Behavioural Finance: Navigating the Risks of Emotional Investing

Emotions are a significant part of everyday life, impacting many decisions we make. With respect to investing, it is important to understand the emotional decisions we are faced with and how our response can have an impact on overall investment success.

Investors who stayed invested for the long term, through good times and bad, prospered.1

As we enter a period of economic uncertainty with continued market volatility, global trade wars and frequent headlines relating to recession indicators, the topic of emotional investing is increasingly important. 

Compounding the market noise is the fact that we are in the late stages of a historic period of growth - 122 months (the longest economic expansion in American history2) - which means investors haven't been faced with the same levels of uncertainty in recent years.  

Emotions are a significant part of everyday life, impacting many decisions we make. With respect to investing, it is important to understand the emotional decisions we are faced with and how our response can have an impact on overall investment success.

The two main factors we consider when assessing emotional investing are: fear and greed. An investors 'Sensitivity to Noise' – a known investing blind spot - can enhance these emotions.

When markets are performing well, investors are more confident and more inclined to enter the market, at a higher price. Conversely when markets are lower, investors may sell, for fear of further losses.



Allowing investment decisions to be driven by such emotions can lead investors to buy and sell at inopportune times, which can have a significant impact on overall returns, as depicted below.

If we set aside the fear and greed emotions, in reality "we can see that markets rebounded from negative factors impacting their performance, and eventually surpassed their previous highs"1, as depicted in the chart below.

Take for instance the latest recessionary period in recent history, which was driven by the 2008 global financial crisis. The recovery from crisis-era lows kicked off the longest bull run in market history – 10 years.

The S&P 500's closing price on March 9th, 2009 (financial crisis low) was 676.53. On October 9th, 2019, the S&P 500 closed at 2,919.40. That represents around a 330% rise in a 10-year period.3



It is human nature to react to volatility, which can prove challenging in remaining committed to a disciplined long-term investment strategy. Although challenging, successful investment portfolios are built on long-term investment strategies. 

The proof is in the analysis - "by staying fully invested and not missing the strongest 20 investment days over the last 20 years, an investor would potentially have more than doubled their investment."4

Manulife Investments (2019), Five Timeless Principles for Investing Success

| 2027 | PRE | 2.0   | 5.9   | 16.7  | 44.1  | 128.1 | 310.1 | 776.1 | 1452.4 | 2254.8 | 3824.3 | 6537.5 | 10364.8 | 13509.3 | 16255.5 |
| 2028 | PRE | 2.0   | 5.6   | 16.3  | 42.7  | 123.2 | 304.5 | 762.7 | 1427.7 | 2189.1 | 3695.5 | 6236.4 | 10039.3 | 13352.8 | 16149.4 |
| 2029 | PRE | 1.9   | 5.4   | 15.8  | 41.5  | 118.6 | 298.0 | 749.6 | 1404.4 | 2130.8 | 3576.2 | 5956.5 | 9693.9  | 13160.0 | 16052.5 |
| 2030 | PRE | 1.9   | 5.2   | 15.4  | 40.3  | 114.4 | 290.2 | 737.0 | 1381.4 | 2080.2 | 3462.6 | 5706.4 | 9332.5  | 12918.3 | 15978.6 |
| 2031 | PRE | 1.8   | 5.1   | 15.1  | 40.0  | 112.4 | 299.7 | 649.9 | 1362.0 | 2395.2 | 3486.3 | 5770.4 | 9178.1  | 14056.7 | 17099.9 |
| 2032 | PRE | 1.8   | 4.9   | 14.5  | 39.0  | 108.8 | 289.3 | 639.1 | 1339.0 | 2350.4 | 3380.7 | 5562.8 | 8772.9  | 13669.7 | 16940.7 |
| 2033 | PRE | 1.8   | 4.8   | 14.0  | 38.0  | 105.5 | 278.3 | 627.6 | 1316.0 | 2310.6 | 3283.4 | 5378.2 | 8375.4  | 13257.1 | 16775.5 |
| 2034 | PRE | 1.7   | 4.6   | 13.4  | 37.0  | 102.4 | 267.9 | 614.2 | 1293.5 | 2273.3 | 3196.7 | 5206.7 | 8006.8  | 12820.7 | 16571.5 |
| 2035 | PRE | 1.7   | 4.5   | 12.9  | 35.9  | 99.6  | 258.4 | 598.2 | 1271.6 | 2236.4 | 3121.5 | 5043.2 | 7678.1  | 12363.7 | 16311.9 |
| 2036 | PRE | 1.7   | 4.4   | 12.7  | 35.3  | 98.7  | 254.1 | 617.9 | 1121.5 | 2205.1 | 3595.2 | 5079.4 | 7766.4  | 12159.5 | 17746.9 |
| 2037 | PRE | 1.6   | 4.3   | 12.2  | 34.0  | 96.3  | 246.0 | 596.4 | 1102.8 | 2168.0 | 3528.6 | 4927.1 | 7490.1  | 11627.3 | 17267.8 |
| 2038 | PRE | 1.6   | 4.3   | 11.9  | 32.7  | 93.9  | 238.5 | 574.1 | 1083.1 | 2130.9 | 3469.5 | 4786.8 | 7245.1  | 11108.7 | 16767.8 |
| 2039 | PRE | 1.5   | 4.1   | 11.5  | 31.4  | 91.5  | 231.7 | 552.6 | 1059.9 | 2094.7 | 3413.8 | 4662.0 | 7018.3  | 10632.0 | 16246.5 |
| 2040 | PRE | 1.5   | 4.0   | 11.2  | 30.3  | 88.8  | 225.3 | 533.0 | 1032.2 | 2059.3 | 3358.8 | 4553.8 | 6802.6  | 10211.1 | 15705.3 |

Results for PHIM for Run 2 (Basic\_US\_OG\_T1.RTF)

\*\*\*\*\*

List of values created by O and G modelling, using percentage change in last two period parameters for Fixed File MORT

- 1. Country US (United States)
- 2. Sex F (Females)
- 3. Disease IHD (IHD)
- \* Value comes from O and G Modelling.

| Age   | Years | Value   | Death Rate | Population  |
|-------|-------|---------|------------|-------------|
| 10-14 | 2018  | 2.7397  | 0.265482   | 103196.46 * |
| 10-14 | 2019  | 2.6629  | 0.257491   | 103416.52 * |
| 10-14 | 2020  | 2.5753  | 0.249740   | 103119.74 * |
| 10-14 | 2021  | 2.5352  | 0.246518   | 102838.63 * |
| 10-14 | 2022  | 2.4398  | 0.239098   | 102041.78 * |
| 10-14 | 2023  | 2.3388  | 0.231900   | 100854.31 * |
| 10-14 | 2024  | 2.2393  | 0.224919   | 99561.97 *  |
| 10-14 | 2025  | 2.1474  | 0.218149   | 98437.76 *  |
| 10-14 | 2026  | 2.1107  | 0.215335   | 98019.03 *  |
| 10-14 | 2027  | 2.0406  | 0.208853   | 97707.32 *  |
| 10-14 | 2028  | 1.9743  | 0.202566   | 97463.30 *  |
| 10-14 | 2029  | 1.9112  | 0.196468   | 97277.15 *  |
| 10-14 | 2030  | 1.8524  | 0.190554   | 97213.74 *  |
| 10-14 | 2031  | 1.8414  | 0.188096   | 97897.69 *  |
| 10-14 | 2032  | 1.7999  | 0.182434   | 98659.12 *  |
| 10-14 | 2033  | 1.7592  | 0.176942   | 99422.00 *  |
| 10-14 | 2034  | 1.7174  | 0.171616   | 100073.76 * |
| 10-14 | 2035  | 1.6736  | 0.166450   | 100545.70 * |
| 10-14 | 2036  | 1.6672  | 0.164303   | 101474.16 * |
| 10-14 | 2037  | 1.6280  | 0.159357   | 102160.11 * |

Understanding and monitoring your emotions is an important step in the decision-making process. Working with an investment professional, who can provide an educated and objective view of the market, can help reduce the impact of emotional investing. 

An investment professional can help you to develop and, most importantly, adhere to a detailed investment/wealth plan. They can also help you to understand the consequences of not developing and adhering to an appropriate plan – leading to a variety of emotions.

1 TD Asset Management (2019), The Risks of Emotional Investing and How to Avoid Them
2 Brad Simpson (September 2019), Monthly Perspectives, The Final Act
3 Chen, James (2019), Market Milestones as the Bull Market Turns 10
4 Manulife Investments (2019), Five Timeless Principles for Investing Success
 
The information contained herein has been provided by Julie Fitzpatrick and is for information purposes only. The information has been drawn from sources believed to be reliable. Graphs and charts are used for illustrative purposes only and do not reflect future values or future performance of any investment. The information does not provide financial, legal, tax or investment advice. Particular investment, tax, or trading strategies should be evaluated relative to each individual's objectives and risk tolerance.
Index returns are shown for comparative purposes only. Indexes are unmanaged, and their returns do not include any sales charges or fees as such costs would lower performance. It is not possible to invest directly in an index.
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About the Author

Julie Fitzpatrick, CPA, CA

Investment Advisor, TD Wealth Management
Julie Fitzpatrick is an Investment Advisor with TD Wealth Management in Saint John. She obtained her Chartered Accountant (CA) designation in 2012, placing on the David Hope Honour Roll, and holds a Bachelor's degree in Business from the University of New Brunswick Saint John, graduating with the Lieutenant-Governor's medal for distinction in scholarship. At TD Wealth, Julie works with clients to prepare personalized and comprehensive wealth and investment plans to help comfortably meet their goals.